University of Michigan630730660770see graph
UNC Chapel Hill600710620720see graph
University of Virginia620720630740see graph
University of Wisconsin560660630750see graph
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A Final Word About SAT Scores

SAT scores aren't the most important part of a college application (your academic record is), but aside from colleges that are test-optional, they can play a big role in a school's admissions decision. Mediocre scores aren't going to cut it at the country's most selective colleges and universities. This article provides information and links for figuring what scores you're likely to need for different schools. If the ACT is your better exam, realize that you can almost always use either exam. This ACT version of this article can help guide you.

Nearly all colleges and universities make their SAT data public, and selective schools know that their reputations often depend upon high numbers. A college won’t be considered “highly selective” or “elite” if its students have an average SAT math score of 470, and selectivity is often one of the factors used in national rankings of schools.

Finally, you'll find that some schools report critical reading and math scores, but not the writing scores. This is because the writing part of the exam never fully caught on when it was introduced in 2005, and many schools still do not use it in their admissions decisions. And when the redesigned SAT rolled out in 2016, the writing section became an optional part of the exam. In the near future, we will probably cease to see SAT writing score data for most colleges.

More SAT Comparison Tables

  • The Ivy League: This article compares SAT scores for Brown, Columbia, Cornell, Dartmouth, Harvard, Penn, Princeton and Yale. 
  • Top Private Universities (non-Ivy): See comparison data for universities such as Vanderbilt, Johns Hopkins, and Stanford.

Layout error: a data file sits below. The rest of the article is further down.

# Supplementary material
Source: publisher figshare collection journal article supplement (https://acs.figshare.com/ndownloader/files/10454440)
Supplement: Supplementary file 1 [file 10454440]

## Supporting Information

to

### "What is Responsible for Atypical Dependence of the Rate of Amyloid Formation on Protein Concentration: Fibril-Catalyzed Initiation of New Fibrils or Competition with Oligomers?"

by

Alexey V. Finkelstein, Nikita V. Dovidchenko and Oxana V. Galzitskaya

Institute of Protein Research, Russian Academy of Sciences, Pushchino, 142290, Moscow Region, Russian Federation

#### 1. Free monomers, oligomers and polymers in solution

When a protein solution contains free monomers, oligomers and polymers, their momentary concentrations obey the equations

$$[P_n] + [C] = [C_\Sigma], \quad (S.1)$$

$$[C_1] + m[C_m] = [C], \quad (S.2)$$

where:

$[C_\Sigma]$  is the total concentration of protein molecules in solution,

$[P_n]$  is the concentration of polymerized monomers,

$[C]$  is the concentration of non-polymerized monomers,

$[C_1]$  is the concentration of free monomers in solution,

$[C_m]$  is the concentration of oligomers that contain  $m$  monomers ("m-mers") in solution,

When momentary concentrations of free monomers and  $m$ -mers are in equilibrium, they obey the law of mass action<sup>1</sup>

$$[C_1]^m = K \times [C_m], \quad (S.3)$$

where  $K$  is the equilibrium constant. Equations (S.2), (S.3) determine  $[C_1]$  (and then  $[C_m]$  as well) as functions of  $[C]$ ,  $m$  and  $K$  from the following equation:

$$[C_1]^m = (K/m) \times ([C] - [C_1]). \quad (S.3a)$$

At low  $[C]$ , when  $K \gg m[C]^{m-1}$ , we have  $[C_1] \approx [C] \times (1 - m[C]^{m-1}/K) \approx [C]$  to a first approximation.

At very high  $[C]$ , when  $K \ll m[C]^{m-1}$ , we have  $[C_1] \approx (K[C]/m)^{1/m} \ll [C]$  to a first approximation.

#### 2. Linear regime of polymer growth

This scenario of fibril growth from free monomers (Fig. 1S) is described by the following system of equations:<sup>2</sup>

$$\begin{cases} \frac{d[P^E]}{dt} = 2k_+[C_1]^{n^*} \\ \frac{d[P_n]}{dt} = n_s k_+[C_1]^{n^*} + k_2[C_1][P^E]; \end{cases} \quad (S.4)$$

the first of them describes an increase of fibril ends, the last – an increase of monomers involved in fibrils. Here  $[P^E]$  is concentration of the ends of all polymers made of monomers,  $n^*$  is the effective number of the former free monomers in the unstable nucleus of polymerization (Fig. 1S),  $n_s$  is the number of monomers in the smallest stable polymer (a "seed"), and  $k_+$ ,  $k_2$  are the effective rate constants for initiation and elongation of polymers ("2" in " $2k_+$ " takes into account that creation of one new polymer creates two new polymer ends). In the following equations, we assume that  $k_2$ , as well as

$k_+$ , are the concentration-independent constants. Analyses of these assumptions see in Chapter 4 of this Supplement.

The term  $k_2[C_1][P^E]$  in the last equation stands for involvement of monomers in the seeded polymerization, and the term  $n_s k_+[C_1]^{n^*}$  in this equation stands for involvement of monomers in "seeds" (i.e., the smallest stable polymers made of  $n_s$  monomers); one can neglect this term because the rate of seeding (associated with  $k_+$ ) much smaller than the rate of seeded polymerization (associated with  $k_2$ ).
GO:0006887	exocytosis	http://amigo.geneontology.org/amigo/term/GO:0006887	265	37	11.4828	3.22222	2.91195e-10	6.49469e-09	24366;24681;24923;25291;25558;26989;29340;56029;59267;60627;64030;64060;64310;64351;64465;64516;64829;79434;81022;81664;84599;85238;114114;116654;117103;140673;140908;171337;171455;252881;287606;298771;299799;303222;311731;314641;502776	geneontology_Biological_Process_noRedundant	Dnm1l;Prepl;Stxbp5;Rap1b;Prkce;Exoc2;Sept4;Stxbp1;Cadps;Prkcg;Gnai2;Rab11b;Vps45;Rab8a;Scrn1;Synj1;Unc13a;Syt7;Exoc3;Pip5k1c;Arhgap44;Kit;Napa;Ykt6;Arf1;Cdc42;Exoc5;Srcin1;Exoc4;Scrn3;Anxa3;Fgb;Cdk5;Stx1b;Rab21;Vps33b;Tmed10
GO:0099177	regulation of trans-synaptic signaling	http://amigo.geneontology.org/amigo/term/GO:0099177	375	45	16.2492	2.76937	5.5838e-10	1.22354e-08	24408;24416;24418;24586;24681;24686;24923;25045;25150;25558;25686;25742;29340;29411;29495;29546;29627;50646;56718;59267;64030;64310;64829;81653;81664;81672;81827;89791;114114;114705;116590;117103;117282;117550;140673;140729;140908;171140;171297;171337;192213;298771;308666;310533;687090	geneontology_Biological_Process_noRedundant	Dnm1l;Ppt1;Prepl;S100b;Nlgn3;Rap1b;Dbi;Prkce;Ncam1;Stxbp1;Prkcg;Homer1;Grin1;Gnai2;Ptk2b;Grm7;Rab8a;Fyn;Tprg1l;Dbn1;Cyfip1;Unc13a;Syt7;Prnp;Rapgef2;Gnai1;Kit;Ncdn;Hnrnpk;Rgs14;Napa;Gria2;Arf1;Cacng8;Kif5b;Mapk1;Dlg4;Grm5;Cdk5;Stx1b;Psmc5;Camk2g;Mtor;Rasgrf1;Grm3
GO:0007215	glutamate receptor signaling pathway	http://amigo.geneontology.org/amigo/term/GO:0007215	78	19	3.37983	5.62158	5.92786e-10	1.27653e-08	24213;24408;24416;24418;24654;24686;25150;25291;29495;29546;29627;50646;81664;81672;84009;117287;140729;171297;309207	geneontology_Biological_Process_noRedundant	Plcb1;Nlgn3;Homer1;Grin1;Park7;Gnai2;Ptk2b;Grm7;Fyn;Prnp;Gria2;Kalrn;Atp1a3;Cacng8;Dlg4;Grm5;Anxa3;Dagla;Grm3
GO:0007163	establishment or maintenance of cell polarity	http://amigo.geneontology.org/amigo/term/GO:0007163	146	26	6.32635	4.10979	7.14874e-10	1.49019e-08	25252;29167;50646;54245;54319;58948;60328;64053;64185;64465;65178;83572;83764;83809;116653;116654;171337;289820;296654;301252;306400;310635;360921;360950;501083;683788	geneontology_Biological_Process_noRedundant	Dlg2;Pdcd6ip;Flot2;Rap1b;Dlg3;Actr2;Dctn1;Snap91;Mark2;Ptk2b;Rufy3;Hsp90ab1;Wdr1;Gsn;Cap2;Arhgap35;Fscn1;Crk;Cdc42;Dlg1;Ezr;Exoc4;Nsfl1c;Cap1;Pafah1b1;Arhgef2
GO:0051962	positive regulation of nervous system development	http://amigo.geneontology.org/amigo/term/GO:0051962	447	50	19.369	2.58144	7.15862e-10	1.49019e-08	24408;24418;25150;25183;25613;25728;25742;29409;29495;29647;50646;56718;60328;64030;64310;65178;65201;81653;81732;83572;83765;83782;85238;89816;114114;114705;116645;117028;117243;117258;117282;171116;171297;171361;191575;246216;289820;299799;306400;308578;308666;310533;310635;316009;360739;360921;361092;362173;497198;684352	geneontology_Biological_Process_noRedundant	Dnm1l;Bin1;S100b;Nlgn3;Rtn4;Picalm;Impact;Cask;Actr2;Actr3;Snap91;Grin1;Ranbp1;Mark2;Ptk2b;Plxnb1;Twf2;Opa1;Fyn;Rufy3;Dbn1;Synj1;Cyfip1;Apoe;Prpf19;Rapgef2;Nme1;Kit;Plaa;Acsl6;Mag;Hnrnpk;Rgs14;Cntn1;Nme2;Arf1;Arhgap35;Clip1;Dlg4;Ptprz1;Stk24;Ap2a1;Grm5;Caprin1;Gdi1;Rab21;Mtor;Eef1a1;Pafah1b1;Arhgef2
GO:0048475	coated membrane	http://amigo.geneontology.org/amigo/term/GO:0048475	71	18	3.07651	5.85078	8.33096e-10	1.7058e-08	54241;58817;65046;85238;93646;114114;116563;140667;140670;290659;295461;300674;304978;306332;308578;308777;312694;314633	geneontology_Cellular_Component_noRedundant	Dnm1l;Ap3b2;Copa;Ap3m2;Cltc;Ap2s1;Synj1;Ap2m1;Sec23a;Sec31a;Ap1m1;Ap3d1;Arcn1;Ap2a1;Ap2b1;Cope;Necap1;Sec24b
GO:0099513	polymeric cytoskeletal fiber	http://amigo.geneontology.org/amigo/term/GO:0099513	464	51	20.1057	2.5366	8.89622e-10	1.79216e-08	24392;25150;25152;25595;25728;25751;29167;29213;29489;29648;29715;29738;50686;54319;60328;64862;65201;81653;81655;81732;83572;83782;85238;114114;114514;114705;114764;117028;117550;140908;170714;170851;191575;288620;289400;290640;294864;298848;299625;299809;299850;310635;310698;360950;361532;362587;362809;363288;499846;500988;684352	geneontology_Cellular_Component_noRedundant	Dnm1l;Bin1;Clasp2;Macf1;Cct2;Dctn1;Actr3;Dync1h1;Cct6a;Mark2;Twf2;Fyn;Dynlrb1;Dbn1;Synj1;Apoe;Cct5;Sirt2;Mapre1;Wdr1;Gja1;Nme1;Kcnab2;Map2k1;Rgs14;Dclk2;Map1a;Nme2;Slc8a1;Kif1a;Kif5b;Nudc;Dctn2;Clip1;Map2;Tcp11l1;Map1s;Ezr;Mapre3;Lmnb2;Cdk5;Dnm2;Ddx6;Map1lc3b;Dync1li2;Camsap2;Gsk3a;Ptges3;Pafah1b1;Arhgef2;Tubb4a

• Top Liberal Arts Colleges: Here's some SAT comparison data for highly selective liberal arts colleges such as Amherst, Grinnell, Pomona, and Williams.
  • Top Public Universities: High selectivity isn't limited to private institutions. Here you'll SAT data for selective public universities such as UCLA, Michigan and UVA.
  • More SAT Score Tables: We have over 100 SAT score comparison tables on ThoughtCo. Follow this link to see scores for different states, athletic conferences, and other types of colleges and universities

More SAT Articles

  • Subject Test Score Information: It's important to realize that average scores in the subject tests tend to be significantly higher than for the regular SAT. This is because a stronger pool of students tends to take subject tests. Learn more for these subjects: Biology | Chemistry | Literature | Math | Physics
  • A to Z College Profiles—Get SAT (and ACT) score information for well over 1,000 colleges and universities.
  • Low SAT Scores? What Now?—Learn strategies for getting into a good college even when your SAT scores aren't ideal.
  • 20 Great Colleges for Not-So-Great Scores—If you have middling SAT scores but are a strong student, you'll still find plenty of excellent college options.
  • Test-Optional Colleges—Hundreds of colleges and universities recognize that a single high-pressure test is a poor measure of an applicant's potential. These colleges and universities don't use SAT scores in the admissions process.